Continuing with the football example, if you want to photograph the goalkeeper making a save, you could put yourself behind the net as this would get you close to the action however you’ll only see the goalie from the back and the net might detract from the photo. Consider photographing the goalkeeper on an angle from the side to better capture the action.
Compare the two Ice Hockey photos below – note the difference positioning makes to the photo.
Be aware of your surroundings
Look out for distractions in the background
Once you are in position to photograph, check the background for distractions or ways to improve the photo. Distracting elements include posts that appear to come out of someone’s head, a bright car or empty stands in a stadium.
Take a look at the examples below. The buildings and trees in the example on the left help illustrate the height of the skateboarder’s jump while the tree in the photo to the right doesn’t improve the photo.
Get out of the way of the competitors
Never forget that you are there to photograph a sporting event and not to participate. While you should strive to take the best photo, never get in the way of the competitors or the organisers, as that’s the best way to not get invited to the next event!
Never enter the field of play or the course without the organisers’ permission and always be aware of where the competitors are as you might find yourself in the way even if you are not on the field.
For example, if you are photographing a cycling race and you place yourself on the footpath on the inside of a corner, be very aware of where the cyclist is and be ready to quickly move out of the way as cyclists tend to lean into a corner and place themselves as close to the apex of the corner to get a faster line.
Look to include key elements in the shot
The competitor is, without doubt, the most important element in the photo however if you photograph them in isolation you run the risk of not telling the whole story. Try to include other elements of the sport in the photo.
Here are a couple examples to illustrate what I’m talking about.
There are a couple of skiing photos. While the photo on the left is pretty good, the photo on the right is better as you can see the skier brushing the gate.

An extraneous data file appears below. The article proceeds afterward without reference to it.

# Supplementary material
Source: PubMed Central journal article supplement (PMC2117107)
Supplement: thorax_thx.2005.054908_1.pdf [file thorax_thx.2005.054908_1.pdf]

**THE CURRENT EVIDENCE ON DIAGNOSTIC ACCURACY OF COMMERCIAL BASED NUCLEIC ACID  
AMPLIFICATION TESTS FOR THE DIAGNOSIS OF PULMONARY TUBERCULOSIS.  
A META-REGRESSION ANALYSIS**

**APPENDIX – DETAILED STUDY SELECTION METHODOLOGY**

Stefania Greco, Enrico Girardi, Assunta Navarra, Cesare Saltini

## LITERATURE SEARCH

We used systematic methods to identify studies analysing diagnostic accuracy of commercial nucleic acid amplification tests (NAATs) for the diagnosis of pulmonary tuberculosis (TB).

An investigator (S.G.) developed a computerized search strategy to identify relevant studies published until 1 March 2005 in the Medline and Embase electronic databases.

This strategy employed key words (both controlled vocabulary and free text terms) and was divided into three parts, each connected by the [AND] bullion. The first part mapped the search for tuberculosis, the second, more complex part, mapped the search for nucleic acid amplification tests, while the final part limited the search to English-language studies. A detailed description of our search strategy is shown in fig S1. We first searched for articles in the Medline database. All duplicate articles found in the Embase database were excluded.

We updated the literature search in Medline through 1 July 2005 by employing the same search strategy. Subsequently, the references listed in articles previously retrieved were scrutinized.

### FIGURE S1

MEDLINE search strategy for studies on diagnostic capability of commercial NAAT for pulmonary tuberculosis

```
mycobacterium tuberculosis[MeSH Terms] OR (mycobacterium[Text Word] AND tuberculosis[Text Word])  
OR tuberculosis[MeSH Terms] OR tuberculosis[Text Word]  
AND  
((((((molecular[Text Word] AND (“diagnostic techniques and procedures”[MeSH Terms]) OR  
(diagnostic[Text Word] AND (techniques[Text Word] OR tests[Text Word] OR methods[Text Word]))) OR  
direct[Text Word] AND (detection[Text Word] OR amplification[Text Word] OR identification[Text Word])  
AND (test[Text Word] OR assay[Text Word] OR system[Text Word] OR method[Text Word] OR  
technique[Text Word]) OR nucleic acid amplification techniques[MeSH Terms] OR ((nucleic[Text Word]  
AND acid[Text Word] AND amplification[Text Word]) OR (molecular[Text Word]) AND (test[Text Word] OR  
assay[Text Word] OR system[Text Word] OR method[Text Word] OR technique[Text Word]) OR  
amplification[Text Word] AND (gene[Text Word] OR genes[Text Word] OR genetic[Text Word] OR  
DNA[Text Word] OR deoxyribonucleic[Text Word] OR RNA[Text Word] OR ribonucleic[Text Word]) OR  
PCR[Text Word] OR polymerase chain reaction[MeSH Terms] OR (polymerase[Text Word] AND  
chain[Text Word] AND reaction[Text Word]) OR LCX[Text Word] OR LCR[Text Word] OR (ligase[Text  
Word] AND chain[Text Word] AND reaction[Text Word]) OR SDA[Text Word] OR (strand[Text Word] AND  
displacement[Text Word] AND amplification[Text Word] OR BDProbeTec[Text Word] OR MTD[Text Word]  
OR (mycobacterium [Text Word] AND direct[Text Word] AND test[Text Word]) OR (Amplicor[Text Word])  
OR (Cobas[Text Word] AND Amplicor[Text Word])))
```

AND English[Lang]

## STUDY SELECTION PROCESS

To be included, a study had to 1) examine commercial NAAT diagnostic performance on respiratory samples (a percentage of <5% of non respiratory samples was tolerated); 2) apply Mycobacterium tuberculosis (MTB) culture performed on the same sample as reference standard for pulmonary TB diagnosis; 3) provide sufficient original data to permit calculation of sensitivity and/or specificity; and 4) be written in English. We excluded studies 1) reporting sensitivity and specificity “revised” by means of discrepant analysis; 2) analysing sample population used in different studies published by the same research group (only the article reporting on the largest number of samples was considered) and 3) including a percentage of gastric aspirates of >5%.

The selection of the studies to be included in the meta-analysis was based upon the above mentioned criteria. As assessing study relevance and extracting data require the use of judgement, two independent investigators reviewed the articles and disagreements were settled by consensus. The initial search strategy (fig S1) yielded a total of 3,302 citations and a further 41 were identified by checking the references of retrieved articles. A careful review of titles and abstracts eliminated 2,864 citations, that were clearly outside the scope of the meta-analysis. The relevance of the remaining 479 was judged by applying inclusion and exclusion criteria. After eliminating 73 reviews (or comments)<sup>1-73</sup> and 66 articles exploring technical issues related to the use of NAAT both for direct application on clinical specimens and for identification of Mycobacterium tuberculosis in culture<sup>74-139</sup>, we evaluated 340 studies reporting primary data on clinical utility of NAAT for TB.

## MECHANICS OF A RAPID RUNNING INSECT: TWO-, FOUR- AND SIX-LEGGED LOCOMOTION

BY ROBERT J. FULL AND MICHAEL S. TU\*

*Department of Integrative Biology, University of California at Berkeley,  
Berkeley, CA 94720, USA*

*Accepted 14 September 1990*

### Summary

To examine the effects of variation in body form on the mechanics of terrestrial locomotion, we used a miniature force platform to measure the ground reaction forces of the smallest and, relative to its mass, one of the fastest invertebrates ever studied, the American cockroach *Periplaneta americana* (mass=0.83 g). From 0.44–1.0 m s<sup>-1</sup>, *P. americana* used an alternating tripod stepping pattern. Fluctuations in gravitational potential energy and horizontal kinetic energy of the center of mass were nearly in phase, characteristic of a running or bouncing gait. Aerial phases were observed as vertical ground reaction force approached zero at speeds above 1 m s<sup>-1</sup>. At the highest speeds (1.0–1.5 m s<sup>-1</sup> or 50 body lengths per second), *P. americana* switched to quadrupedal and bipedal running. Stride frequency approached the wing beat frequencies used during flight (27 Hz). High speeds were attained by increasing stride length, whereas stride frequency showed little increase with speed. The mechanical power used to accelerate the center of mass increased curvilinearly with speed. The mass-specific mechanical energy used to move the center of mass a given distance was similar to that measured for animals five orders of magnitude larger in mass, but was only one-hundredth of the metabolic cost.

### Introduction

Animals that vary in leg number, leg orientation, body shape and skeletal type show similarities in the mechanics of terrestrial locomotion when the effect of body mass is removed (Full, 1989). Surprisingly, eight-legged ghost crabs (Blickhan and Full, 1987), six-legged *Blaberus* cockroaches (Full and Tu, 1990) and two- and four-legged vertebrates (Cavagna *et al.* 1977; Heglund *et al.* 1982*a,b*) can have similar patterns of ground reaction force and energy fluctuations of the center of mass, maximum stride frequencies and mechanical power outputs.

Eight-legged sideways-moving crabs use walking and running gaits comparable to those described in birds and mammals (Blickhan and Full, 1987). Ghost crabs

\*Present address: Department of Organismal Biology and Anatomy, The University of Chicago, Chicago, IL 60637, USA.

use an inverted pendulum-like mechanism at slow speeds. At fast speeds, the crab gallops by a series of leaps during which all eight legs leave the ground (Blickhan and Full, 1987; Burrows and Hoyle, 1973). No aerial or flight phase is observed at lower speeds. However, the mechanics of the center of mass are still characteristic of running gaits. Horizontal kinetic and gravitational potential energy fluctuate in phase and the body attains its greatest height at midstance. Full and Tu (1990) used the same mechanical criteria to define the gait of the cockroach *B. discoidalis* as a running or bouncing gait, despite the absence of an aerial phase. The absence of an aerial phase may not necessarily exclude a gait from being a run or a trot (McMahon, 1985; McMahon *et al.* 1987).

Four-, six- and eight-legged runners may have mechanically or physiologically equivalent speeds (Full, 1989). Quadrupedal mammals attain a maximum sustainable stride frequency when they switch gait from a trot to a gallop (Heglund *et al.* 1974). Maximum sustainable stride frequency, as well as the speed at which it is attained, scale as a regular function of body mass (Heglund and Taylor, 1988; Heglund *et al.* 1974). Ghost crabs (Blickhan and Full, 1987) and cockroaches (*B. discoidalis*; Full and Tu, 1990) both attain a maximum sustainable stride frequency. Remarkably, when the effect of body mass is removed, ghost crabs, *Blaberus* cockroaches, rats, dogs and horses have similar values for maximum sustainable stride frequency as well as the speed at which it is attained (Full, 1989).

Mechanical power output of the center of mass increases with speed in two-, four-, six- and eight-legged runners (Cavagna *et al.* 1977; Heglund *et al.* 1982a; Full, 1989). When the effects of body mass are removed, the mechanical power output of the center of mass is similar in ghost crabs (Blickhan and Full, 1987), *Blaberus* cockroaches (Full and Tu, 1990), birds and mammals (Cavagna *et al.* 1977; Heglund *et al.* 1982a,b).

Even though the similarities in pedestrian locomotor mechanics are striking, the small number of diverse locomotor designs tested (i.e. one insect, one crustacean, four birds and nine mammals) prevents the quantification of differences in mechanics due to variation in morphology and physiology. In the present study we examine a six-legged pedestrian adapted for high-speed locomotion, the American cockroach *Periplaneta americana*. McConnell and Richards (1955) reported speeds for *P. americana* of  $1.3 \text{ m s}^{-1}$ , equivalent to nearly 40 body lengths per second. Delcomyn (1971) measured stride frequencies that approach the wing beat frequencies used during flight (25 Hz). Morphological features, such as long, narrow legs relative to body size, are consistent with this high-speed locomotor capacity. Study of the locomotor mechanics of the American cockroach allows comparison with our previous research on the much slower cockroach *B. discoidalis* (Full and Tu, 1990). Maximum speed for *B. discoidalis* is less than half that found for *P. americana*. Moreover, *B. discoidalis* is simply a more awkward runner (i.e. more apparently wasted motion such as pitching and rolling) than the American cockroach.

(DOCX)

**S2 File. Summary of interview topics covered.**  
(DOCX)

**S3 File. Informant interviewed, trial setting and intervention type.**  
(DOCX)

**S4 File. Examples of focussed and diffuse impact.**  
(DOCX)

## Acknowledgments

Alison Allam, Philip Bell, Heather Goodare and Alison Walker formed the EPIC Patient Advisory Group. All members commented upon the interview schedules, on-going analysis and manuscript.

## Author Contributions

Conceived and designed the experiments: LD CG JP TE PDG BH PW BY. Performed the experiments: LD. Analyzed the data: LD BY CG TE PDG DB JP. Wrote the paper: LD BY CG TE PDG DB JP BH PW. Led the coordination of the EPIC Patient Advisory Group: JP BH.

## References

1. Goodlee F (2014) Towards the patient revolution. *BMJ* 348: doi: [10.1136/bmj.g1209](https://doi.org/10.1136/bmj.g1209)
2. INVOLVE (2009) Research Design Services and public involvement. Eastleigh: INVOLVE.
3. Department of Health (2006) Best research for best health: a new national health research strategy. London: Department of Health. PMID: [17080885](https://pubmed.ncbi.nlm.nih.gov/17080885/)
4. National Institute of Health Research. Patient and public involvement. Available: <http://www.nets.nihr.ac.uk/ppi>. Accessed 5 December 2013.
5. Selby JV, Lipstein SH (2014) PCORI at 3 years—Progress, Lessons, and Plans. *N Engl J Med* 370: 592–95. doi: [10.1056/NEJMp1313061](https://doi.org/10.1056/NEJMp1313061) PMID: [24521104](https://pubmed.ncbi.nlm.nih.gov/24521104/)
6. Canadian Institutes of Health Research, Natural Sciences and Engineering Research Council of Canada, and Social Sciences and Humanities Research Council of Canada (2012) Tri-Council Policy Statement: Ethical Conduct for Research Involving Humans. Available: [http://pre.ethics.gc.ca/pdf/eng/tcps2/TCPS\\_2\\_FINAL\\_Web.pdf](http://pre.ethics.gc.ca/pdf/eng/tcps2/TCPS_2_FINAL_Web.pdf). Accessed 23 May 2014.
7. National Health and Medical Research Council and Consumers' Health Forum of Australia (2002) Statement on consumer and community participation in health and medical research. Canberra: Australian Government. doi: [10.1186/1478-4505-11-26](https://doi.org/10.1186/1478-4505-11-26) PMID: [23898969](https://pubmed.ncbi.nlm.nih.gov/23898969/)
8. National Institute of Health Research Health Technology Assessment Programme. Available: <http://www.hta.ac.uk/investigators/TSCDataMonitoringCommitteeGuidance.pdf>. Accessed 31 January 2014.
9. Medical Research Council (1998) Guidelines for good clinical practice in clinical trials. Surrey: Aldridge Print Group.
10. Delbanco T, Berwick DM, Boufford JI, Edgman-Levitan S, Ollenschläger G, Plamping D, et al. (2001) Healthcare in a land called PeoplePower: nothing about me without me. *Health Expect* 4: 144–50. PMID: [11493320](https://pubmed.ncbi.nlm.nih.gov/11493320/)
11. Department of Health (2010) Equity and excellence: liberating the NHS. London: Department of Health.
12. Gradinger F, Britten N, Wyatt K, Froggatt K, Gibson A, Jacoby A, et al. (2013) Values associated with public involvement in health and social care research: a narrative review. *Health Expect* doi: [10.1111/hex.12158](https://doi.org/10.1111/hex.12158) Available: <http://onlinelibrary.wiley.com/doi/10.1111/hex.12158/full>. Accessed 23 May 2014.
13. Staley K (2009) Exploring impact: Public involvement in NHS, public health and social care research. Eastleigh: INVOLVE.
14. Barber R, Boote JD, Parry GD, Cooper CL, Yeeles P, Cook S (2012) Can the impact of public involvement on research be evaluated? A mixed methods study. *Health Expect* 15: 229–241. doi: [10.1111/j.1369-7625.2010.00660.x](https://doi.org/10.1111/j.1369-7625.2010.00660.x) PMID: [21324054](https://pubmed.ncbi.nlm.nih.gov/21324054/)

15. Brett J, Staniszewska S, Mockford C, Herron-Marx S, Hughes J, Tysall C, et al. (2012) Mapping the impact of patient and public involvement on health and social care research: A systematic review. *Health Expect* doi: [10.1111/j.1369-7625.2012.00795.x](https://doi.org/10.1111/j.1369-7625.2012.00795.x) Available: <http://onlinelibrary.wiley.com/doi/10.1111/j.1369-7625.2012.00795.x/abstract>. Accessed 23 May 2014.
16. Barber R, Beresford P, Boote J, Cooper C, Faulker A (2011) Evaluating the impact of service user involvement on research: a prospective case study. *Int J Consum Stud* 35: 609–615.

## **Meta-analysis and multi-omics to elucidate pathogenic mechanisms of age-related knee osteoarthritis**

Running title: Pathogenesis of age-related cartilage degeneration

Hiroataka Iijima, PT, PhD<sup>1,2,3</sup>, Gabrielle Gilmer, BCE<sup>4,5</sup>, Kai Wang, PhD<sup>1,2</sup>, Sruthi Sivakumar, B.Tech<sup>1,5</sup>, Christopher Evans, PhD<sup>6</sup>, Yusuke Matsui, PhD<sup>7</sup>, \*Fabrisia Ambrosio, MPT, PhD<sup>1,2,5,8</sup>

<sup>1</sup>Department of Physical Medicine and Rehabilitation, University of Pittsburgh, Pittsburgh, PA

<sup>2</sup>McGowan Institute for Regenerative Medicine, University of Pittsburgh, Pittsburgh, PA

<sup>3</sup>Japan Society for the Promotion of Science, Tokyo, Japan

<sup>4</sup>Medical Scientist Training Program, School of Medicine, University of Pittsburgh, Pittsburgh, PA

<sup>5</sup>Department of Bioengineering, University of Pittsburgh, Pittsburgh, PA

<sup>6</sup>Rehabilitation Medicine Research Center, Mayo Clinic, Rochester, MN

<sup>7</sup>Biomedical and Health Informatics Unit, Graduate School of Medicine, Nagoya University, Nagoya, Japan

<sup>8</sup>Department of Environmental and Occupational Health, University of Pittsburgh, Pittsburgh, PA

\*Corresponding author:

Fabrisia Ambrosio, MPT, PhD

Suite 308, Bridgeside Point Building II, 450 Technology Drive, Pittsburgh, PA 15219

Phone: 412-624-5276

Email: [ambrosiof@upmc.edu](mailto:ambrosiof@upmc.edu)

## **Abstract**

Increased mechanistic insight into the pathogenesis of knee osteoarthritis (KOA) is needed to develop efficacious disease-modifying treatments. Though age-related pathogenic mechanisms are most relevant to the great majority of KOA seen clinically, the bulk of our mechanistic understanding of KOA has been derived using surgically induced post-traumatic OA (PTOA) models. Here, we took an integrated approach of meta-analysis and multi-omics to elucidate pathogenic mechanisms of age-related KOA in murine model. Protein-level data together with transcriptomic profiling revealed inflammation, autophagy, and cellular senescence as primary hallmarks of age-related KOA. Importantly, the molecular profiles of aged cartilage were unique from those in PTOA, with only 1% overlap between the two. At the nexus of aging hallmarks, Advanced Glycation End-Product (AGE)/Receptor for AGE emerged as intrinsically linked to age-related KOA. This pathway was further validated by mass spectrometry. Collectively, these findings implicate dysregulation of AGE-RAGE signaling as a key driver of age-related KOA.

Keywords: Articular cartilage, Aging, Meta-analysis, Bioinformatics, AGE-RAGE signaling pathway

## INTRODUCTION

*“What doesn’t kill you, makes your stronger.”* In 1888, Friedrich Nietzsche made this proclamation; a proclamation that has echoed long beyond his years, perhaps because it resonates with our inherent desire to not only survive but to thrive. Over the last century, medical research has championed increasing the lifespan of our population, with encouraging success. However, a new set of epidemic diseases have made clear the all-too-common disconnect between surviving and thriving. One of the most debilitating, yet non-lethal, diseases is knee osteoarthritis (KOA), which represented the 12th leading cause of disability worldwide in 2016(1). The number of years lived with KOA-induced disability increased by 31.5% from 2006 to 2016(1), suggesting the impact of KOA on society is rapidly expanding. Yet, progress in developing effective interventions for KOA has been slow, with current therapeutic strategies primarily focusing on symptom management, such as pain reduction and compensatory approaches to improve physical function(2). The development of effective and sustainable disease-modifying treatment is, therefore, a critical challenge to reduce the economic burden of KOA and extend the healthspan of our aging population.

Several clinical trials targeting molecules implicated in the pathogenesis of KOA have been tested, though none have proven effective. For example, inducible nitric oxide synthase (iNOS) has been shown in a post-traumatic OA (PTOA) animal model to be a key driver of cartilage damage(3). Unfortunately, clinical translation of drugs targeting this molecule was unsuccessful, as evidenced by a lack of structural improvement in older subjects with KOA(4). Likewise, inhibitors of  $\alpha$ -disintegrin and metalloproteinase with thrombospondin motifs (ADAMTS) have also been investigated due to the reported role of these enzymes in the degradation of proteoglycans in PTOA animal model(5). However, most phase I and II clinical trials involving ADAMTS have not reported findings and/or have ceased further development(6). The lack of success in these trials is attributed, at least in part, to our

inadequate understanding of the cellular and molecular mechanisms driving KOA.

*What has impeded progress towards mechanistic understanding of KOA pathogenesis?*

|Good Photo||Better Photo|
In this Ice Hockey example, both photos show a shot on goal however the photo on the right provides more context as the puck is in the frame making it very clear that it is a shot on goal.
|Good Photo||Better Photo|
Expect the unexpected / Be ready for anything
Sporting events are full of unexpected moments. While you need a little luck to be in the right spot at the right time to capture these moments, it’s also very important to always be vigilant and be ready to shoot.
Here are a couple of examples where I was at the right spot at the right time and was able to take advantage of it.
I was moving to my next shooting position around the Formula 1 track when the Force India car braked too late and ended in the kitty litter. Fortunately I had my camera out and I was able to photograph the car leaving the trap.
This photo was taken during last year’s Tour de France. While I was fortunate enough to be in the perfect position to see Brice Feillu, from the Bretagne-Seche Environnement team, empty a bottle of water on his head to cool down, I was also ready with my camera and captured this great shot.
Next week’s blog
Ok that’s it for this week’s blog. I'll continue with this topic in a few weeks and will cover the gear you need, camera settings and a few other tips.
Have a great week!